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Harfouche v. Wehbe

United States District Court, D. Nevada

July 18, 2014

ELIE HARFOUCHE, Plaintiff,
v.
HAIFA WEHBE, et al., Defendant.

ORDER

LLOYD D. GEORGE, District Judge.

The plaintiff, Elie Harfouche, a concert promoter, filed the instant complaint against multiple defendants, including Haifa Wehbe, a Lebanese singer and performer, alleging that Wehbe violated a contractual commitment to perform on a tour throughout the United States and Canada, including in Las Vegas. Magistrate Judge Nancy Koppe has recommended that Wehbe be dismissed from the proceedings because Harfouche had not filed proof that he had properly served Wehbe (#48). Harfouche subsequently filed proof of service (#49, #51). The Court will therefore decline to adopt the recommendation as moot. Wehbe now moves to dismiss the complaint for lack of personal jurisdiction (#52). Defendant Joseph Rahi also moves to dismiss the complaint, arguing that the claims against him are barred by a statute of limitations (#56). Harfouche did not oppose Rahi's motion, but did oppose Wehbe's motion (#54). Rahi's motion to dismiss will therefore be granted. However, because the complaint sufficiently alleges that Wehbe agreed to perform in Nevada, the Court will deny the motion to dismiss.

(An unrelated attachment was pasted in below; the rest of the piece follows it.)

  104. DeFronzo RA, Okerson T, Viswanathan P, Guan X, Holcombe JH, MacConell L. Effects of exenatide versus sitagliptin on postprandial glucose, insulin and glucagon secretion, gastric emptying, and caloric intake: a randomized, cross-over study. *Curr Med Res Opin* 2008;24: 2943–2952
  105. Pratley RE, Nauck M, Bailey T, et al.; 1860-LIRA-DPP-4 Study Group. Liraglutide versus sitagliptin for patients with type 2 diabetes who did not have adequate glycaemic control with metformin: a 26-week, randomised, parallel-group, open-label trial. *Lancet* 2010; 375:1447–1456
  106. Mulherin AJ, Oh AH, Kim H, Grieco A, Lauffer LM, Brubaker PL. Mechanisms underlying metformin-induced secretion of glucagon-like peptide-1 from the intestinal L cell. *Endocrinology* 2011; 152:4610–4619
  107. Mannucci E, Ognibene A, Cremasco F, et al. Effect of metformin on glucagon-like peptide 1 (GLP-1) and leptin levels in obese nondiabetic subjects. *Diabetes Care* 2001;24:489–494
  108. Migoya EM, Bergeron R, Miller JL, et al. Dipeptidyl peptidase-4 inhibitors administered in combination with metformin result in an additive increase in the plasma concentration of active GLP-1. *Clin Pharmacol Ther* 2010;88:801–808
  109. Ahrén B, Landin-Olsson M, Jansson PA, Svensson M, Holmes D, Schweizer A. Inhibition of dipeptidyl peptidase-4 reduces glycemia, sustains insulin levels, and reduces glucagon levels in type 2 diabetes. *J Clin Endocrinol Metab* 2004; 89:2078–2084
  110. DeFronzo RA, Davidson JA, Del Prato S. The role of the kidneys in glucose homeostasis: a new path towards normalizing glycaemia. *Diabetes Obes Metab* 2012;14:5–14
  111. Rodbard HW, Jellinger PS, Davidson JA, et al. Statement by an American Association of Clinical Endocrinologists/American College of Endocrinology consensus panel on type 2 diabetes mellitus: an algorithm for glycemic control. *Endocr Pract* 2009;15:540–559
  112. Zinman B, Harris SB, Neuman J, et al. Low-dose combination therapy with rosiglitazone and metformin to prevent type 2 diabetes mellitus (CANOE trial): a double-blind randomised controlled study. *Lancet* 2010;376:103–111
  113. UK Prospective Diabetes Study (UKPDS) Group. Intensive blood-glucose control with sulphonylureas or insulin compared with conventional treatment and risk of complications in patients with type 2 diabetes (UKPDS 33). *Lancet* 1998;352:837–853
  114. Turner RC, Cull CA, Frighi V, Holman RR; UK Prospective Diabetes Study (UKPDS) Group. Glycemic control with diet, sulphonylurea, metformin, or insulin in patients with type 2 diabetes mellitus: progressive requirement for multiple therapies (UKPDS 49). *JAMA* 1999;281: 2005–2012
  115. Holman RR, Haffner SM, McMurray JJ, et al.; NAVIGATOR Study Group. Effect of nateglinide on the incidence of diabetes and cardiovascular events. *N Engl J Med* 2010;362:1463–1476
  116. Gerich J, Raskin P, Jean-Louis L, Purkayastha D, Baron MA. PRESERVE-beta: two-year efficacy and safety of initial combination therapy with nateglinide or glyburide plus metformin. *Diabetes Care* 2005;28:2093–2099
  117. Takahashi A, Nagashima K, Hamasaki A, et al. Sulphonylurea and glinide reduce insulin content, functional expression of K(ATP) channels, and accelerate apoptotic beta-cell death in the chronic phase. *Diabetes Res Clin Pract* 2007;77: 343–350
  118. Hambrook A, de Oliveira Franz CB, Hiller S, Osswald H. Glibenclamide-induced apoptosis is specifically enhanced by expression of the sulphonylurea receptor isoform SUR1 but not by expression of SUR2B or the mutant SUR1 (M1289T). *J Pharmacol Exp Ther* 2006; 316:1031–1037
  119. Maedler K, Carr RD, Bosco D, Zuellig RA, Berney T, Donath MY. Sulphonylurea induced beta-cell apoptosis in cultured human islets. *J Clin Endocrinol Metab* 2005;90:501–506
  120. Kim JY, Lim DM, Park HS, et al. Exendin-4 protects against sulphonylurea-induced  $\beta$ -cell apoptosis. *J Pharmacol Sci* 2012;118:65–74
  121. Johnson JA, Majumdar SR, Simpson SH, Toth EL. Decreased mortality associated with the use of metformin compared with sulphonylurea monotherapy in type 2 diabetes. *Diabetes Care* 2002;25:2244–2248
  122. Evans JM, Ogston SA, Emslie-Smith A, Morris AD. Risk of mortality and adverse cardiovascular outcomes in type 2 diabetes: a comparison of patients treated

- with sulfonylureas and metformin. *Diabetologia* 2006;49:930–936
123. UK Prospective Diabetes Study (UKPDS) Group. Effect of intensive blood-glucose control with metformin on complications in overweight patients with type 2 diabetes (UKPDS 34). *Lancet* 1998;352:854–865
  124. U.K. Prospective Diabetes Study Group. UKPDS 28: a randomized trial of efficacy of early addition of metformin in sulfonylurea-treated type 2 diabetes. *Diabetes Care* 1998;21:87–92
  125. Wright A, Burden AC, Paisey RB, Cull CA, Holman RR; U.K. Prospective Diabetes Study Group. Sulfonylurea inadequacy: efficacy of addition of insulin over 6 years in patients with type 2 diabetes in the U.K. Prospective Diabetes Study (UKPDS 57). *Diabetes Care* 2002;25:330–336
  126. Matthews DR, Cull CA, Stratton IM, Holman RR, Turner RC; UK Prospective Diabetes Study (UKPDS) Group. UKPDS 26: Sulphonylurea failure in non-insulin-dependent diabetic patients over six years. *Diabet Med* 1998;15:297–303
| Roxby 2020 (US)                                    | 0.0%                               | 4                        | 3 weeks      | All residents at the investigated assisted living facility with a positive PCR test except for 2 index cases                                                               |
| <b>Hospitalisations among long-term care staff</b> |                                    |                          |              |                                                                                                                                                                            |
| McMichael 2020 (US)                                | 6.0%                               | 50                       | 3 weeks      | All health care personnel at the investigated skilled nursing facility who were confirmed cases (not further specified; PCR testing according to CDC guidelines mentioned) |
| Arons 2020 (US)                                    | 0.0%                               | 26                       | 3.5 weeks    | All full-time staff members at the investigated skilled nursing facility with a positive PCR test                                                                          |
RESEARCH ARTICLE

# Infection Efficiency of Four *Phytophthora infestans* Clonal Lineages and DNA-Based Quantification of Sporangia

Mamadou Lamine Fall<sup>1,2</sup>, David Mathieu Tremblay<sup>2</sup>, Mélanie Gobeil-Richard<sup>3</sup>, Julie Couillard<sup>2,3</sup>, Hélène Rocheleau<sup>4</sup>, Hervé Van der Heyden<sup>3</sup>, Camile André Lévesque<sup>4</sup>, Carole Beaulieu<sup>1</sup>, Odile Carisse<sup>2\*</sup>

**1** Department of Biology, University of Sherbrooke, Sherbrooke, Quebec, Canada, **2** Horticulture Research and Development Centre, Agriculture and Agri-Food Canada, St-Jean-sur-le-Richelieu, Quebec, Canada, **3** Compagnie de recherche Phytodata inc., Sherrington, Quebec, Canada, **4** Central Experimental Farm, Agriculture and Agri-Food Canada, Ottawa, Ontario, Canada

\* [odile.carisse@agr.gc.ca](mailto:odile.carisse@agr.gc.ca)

Motion to Dismiss

The defendant's motion to dismiss, brought pursuant to Fed.R.Civ.P. 12(b)(2), provides that a court may dismiss a complaint for lack of personal jurisdiction. Nevada's long-arm statute allows jurisdiction in Nevada courts "over a party to a civil action on any basis not inconsistent with the constitution of this state or the Constitution of the United States." NRS 14.065(1); Graziose v. American Home Products Corp., 161 F.Supp.2d 1149, 1152 (D. Nev. 2001). The statute has been "liberally construed to reach the outer limits of federal Constitutional Due Process." Id. "A court may exercise personal jurisdiction over a defendant consistent with due process only if she or he has certain minimum contacts' with the relevant forum such that the maintenance of the suit does not offend traditional notions of fair play and substantial justice.'" Menken v. Emm, 503 F.3d 1050, 1056 (9th Cir. 2007) (quoting Int'l Shoe Co. v. Washington, 326 U.S. 310, 316 (1945). The Ninth Circuit has established a three-prong test for analyzing a claim of specific jurisdiction:

(1) The non-resident defendant must purposefully direct his activities or consummate some transaction with the forum or resident thereof; or perform some act by which he purposefully avails himself of the privilege of conducting activities in the forum, thereby invoking the benefits and protections of its laws;